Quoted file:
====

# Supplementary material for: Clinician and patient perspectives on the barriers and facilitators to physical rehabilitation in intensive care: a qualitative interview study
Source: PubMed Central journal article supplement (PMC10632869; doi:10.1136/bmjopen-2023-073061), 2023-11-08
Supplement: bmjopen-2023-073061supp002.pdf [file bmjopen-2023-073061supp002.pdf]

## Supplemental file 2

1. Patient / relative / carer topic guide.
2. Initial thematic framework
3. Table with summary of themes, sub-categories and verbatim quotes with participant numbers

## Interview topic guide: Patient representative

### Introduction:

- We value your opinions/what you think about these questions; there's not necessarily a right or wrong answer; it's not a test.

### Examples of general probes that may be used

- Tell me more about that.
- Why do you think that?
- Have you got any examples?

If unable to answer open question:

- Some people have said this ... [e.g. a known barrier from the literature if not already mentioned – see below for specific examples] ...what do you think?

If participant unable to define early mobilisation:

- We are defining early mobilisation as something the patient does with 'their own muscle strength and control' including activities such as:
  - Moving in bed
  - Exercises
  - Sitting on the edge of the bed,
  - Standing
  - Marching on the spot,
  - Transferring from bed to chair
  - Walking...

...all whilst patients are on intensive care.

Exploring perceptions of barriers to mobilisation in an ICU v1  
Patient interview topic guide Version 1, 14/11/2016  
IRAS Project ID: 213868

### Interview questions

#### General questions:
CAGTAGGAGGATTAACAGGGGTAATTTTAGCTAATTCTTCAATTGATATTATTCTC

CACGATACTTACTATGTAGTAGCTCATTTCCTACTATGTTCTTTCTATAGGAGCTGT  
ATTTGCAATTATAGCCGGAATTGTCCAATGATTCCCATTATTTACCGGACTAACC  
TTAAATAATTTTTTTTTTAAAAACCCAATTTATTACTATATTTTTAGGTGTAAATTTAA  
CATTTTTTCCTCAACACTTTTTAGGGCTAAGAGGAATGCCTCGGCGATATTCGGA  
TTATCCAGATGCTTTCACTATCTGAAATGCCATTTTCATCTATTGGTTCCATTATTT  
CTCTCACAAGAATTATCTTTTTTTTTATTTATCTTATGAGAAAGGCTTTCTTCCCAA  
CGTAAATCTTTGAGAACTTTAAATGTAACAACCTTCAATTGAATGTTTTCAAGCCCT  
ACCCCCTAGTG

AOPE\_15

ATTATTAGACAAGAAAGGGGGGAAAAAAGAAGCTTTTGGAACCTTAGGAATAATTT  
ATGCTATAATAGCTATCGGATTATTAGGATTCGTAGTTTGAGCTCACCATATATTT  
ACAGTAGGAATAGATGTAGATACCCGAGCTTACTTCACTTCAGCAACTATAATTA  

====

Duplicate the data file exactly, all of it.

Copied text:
# Supplementary material for: Clinician and patient perspectives on the barriers and facilitators to physical rehabilitation in intensive care: a qualitative interview study
Source: PubMed Central journal article supplement (PMC10632869; doi:10.1136/bmjopen-2023-073061), 2023-11-08
Supplement: bmjopen-2023-073061supp002.pdf [file bmjopen-2023-073061supp002.pdf]

## Supplemental file 2

1. Patient / relative / carer topic guide.
2. Initial thematic framework
3. Table with summary of themes, sub-categories and verbatim quotes with participant numbers

## Interview topic guide: Patient representative

### Introduction:

- We value your opinions/what you think about these questions; there's not necessarily a right or wrong answer; it's not a test.

### Examples of general probes that may be used

- Tell me more about that.
- Why do you think that?
- Have you got any examples?

If unable to answer open question:

- Some people have said this ... [e.g. a known barrier from the literature if not already mentioned – see below for specific examples] ...what do you think?

If participant unable to define early mobilisation:

- We are defining early mobilisation as something the patient does with 'their own muscle strength and control' including activities such as:
  - Moving in bed
  - Exercises
  - Sitting on the edge of the bed,
  - Standing
  - Marching on the spot,
  - Transferring from bed to chair
  - Walking...

...all whilst patients are on intensive care.

Exploring perceptions of barriers to mobilisation in an ICU v1  
Patient interview topic guide Version 1, 14/11/2016  
IRAS Project ID: 213868

### Interview questions

#### General questions:
CAGTAGGAGGATTAACAGGGGTAATTTTAGCTAATTCTTCAATTGATATTATTCTC

CACGATACTTACTATGTAGTAGCTCATTTCCTACTATGTTCTTTCTATAGGAGCTGT  
ATTTGCAATTATAGCCGGAATTGTCCAATGATTCCCATTATTTACCGGACTAACC  
TTAAATAATTTTTTTTTTAAAAACCCAATTTATTACTATATTTTTAGGTGTAAATTTAA  
CATTTTTTCCTCAACACTTTTTAGGGCTAAGAGGAATGCCTCGGCGATATTCGGA  
TTATCCAGATGCTTTCACTATCTGAAATGCCATTTTCATCTATTGGTTCCATTATTT  
CTCTCACAAGAATTATCTTTTTTTTTATTTATCTTATGAGAAAGGCTTTCTTCCCAA  
CGTAAATCTTTGAGAACTTTAAATGTAACAACCTTCAATTGAATGTTTTCAAGCCCT  
ACCCCCTAGTG

AOPE\_15

ATTATTAGACAAGAAAGGGGGGAAAAAAGAAGCTTTTGGAACCTTAGGAATAATTT  
ATGCTATAATAGCTATCGGATTATTAGGATTCGTAGTTTGAGCTCACCATATATTT  
ACAGTAGGAATAGATGTAGATACCCGAGCTTACTTCACTTCAGCAACTATAATTA  